From The Guardian:
I once ordered a copy of Charles Booth’s 1889 Descriptive Map of London Poverty from the London Topographical Society. Weeks, then months, passed, and I heard nothing. I may even have forgotten that I had ordered it. Then, early one Sunday morning, I was woken up by the sound of the doorbell. An elderly gentleman in a deerstalker hat with a tube under his arm asked my name, confirmed that I was the intended recipient of Booth’s map, handed it to me, and was off. If only all purchases were made like that.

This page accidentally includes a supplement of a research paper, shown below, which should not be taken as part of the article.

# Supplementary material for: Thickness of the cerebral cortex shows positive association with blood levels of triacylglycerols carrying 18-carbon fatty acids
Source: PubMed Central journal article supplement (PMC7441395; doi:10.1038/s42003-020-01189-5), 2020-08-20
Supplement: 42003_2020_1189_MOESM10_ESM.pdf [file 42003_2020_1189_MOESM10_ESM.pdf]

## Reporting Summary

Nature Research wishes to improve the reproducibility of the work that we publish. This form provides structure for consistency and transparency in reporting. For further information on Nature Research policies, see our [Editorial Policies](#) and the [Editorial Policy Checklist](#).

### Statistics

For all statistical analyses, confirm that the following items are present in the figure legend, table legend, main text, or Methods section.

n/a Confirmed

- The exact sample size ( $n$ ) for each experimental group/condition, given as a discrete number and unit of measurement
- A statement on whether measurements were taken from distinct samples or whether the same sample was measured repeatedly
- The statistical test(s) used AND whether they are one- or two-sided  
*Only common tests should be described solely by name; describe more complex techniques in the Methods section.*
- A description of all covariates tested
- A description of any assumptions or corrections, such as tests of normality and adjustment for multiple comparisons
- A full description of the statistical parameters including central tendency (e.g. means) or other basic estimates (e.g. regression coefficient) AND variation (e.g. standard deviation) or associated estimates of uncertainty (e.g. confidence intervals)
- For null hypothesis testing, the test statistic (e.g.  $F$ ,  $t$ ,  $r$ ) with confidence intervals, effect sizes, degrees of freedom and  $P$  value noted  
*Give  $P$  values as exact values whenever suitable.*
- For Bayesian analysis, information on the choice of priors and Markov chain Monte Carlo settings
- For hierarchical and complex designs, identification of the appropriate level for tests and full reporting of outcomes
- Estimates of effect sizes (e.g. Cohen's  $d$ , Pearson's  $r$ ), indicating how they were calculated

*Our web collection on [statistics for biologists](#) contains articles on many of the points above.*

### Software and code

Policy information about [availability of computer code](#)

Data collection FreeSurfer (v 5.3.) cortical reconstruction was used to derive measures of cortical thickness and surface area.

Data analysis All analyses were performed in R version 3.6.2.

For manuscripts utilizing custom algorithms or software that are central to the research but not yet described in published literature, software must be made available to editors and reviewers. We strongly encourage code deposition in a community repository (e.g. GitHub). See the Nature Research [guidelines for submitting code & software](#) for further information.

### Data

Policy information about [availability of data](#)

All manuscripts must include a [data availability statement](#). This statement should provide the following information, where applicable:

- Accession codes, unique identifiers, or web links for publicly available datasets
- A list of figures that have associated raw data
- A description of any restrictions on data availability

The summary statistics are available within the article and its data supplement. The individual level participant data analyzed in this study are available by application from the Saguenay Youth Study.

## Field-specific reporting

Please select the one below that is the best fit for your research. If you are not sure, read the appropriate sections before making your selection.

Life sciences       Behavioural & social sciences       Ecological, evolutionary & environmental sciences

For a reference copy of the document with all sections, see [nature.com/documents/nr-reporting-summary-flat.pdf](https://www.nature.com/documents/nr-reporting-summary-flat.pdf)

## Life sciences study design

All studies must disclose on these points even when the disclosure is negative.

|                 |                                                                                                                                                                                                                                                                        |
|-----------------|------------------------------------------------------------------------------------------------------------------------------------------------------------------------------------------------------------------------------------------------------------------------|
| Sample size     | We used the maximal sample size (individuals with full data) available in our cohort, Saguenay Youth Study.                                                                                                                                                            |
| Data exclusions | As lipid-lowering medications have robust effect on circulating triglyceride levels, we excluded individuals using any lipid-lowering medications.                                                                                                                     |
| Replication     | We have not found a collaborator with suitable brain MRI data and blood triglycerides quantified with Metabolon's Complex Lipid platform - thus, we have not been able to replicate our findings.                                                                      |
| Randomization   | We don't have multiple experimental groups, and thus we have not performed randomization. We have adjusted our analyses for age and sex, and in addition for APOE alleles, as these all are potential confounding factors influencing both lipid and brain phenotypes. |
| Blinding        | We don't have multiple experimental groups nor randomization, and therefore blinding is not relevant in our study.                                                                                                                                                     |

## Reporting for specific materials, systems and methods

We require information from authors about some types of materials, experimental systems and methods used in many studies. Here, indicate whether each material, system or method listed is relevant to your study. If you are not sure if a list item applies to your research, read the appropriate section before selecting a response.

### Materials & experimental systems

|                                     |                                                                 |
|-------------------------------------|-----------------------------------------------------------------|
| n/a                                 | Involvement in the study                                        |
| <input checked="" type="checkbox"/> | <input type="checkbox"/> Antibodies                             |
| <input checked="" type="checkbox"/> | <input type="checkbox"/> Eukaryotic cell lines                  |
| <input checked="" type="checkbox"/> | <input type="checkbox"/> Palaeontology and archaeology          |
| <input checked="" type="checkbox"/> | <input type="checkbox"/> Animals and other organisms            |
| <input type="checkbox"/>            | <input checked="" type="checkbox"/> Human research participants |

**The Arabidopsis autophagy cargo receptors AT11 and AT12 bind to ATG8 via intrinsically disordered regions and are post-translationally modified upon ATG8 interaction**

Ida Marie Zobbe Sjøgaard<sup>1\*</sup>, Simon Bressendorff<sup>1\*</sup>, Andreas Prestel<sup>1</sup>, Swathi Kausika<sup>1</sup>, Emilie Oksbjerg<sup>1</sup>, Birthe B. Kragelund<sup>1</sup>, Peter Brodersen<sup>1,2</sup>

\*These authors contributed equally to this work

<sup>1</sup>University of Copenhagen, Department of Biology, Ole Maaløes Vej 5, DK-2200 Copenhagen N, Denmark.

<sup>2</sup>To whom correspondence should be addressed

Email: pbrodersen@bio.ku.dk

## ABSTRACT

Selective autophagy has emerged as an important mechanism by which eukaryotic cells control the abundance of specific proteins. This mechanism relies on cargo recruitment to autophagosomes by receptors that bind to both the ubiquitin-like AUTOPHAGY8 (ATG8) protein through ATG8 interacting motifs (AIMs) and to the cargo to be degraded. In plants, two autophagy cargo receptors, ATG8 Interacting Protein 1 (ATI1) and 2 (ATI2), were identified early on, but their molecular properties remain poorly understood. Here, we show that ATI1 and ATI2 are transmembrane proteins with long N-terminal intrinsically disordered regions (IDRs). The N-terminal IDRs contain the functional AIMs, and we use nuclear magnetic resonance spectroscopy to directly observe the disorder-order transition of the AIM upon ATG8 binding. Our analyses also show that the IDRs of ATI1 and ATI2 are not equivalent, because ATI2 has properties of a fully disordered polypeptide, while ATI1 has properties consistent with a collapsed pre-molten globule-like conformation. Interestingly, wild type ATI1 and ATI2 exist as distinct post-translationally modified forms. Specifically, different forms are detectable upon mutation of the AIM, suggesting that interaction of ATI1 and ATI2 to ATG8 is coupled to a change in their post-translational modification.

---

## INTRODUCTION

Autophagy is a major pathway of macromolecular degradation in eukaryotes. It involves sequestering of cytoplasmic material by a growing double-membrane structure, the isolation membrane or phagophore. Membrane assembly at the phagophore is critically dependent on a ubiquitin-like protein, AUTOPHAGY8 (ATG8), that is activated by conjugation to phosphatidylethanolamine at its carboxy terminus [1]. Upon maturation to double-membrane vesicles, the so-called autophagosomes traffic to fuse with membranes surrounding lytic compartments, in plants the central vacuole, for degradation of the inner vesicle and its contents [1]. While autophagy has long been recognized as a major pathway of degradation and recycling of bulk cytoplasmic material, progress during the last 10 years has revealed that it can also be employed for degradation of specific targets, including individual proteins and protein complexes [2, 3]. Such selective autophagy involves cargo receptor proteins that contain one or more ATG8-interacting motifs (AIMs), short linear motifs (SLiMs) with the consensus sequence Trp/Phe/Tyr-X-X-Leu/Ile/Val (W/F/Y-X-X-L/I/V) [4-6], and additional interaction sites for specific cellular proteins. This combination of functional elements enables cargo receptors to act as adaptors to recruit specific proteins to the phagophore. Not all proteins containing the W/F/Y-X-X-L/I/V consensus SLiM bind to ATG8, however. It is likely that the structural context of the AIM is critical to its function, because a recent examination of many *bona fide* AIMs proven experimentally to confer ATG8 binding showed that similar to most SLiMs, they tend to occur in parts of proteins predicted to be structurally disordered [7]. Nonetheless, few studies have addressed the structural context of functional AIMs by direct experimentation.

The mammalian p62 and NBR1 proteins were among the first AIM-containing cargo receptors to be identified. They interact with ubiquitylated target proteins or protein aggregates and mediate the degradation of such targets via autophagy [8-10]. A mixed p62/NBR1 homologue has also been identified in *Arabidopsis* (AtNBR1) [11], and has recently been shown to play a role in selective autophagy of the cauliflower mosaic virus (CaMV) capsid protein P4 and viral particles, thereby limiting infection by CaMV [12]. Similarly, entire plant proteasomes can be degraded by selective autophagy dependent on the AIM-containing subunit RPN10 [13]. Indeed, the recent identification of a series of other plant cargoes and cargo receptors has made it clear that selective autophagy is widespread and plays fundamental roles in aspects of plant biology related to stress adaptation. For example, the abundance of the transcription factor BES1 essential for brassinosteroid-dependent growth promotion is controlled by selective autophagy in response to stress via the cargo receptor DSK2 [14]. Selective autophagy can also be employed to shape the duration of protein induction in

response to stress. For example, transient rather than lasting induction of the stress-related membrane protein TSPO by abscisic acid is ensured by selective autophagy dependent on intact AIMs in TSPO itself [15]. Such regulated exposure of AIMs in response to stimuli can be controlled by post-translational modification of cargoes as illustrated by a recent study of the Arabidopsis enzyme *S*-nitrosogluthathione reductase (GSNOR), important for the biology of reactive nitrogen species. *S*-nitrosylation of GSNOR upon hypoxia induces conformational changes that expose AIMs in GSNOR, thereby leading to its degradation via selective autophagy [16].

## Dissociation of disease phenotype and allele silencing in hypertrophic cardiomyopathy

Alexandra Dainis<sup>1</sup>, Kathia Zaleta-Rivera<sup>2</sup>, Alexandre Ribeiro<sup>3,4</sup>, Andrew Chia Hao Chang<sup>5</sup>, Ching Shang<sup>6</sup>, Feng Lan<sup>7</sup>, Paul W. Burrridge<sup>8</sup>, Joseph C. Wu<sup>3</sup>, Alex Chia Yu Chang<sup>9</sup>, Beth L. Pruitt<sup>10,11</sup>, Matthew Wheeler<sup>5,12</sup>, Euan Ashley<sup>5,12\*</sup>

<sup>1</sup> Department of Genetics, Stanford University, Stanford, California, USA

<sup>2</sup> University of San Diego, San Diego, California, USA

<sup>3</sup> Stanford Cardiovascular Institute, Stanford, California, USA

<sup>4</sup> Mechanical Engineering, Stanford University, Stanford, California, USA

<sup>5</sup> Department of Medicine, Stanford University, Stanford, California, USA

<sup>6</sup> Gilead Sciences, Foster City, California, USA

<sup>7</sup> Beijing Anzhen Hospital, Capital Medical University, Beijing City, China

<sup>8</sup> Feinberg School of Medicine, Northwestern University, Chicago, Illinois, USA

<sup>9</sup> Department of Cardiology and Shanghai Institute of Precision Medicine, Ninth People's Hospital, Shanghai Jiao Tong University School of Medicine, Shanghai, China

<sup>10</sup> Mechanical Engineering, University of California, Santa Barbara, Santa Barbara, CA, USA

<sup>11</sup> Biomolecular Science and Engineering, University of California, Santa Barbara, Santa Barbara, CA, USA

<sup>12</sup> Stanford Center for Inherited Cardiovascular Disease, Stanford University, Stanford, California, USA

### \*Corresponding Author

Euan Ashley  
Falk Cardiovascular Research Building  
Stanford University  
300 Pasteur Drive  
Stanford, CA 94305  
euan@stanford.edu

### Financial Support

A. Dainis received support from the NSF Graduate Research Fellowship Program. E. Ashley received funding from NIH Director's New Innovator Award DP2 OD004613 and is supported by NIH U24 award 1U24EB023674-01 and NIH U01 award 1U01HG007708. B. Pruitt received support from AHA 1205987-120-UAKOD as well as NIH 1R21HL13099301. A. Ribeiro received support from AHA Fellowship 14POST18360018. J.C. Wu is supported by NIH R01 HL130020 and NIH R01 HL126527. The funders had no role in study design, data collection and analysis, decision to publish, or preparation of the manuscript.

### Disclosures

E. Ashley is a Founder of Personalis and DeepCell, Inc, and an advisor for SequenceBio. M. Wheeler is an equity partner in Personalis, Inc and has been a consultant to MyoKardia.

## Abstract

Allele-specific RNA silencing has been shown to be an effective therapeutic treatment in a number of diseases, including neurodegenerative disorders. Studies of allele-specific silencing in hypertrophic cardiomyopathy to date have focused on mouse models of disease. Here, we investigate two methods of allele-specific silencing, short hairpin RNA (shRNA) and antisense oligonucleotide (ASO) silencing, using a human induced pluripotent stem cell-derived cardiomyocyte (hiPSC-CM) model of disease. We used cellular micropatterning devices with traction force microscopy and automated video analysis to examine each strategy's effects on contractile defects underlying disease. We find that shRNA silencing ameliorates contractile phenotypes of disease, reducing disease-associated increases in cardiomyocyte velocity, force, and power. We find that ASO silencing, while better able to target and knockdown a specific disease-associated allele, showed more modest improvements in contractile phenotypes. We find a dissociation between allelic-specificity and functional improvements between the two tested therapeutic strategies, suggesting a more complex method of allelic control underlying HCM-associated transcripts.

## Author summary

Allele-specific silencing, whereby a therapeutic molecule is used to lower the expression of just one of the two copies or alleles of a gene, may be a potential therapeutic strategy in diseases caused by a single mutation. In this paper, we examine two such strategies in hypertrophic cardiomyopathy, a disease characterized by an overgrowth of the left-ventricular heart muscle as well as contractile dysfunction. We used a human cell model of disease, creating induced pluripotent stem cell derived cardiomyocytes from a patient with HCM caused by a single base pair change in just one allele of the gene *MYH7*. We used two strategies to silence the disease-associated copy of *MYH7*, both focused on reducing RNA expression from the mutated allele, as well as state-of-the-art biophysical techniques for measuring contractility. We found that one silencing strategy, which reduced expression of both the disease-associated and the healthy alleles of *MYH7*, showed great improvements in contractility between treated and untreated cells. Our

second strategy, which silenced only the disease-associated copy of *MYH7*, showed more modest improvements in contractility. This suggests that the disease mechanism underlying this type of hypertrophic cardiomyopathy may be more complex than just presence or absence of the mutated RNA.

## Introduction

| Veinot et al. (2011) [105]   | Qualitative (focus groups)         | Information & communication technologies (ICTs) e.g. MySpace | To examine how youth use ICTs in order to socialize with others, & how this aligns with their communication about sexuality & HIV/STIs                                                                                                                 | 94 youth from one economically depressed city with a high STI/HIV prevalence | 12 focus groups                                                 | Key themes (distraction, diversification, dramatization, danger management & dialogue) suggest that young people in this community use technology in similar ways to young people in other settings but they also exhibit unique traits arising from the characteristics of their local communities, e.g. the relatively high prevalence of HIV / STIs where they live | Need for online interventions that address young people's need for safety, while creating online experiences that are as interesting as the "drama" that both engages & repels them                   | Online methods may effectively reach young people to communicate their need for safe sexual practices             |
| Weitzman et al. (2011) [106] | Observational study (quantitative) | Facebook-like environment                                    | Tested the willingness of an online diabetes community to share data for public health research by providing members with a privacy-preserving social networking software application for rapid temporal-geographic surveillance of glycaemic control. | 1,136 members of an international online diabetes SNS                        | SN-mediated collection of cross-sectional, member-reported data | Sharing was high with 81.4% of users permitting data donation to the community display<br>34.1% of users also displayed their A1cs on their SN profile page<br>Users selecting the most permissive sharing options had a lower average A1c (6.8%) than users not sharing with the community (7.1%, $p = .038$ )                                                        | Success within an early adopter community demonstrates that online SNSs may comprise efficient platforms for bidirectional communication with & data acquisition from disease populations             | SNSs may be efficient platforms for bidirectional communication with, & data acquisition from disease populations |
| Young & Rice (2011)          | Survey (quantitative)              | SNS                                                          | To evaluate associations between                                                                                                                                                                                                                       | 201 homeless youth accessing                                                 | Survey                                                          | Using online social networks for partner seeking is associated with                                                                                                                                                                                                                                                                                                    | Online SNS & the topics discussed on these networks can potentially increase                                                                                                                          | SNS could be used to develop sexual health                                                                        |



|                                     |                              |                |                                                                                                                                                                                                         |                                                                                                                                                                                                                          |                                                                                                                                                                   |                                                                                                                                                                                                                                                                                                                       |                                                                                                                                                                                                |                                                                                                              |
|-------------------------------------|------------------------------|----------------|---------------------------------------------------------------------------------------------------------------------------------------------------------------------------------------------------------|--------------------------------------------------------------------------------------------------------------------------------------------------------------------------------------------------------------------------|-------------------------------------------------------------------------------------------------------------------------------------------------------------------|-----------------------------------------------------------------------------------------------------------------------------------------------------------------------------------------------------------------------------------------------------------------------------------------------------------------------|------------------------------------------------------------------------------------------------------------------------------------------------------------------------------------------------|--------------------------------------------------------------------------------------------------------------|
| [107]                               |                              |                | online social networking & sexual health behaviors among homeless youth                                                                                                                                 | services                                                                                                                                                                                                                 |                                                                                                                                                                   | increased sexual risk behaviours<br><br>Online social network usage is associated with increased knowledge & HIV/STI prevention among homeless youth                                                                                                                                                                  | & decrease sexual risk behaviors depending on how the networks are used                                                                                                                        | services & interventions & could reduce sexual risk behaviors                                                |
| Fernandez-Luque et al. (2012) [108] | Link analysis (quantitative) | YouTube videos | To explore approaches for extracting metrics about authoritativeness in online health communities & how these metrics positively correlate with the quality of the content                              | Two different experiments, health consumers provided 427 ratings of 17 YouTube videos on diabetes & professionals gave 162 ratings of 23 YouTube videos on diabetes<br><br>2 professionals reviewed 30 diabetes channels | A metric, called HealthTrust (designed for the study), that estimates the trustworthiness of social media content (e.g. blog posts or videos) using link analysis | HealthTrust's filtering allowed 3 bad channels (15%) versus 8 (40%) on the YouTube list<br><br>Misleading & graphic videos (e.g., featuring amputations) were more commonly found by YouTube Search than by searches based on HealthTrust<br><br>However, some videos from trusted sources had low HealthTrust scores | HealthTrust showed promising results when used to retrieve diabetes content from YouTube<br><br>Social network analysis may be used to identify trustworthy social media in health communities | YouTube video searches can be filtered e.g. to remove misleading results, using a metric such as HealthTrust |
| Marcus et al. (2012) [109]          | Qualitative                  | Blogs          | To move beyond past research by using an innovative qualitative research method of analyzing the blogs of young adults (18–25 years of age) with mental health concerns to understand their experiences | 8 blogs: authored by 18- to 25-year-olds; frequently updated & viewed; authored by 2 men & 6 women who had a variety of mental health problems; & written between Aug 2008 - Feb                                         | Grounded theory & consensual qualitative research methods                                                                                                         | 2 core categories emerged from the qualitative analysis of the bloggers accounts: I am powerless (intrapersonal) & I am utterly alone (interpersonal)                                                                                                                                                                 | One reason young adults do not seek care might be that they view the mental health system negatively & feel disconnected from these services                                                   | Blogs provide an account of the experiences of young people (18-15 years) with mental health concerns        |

As any good geographer will tell you, all of life lies in maps and atlases, whether it be Booth’s analysis of London, or something more monumental, like Joan Blaeu’s magisterial Atlas Maior of 1665, recently reprinted by Taschen. If Booth’s map offers you a tour of London’s streets, Blaeu’s mammoth atlas is a round-the-world trip from the safety of your armchair. As Blaeu wrote, “we may set eyes on far-off places without so much as leaving home: we traverse impassable ranges, cross rivers and seas on safety … by the power of the imagination we swiftly journey East-West and North-South at a single glance”.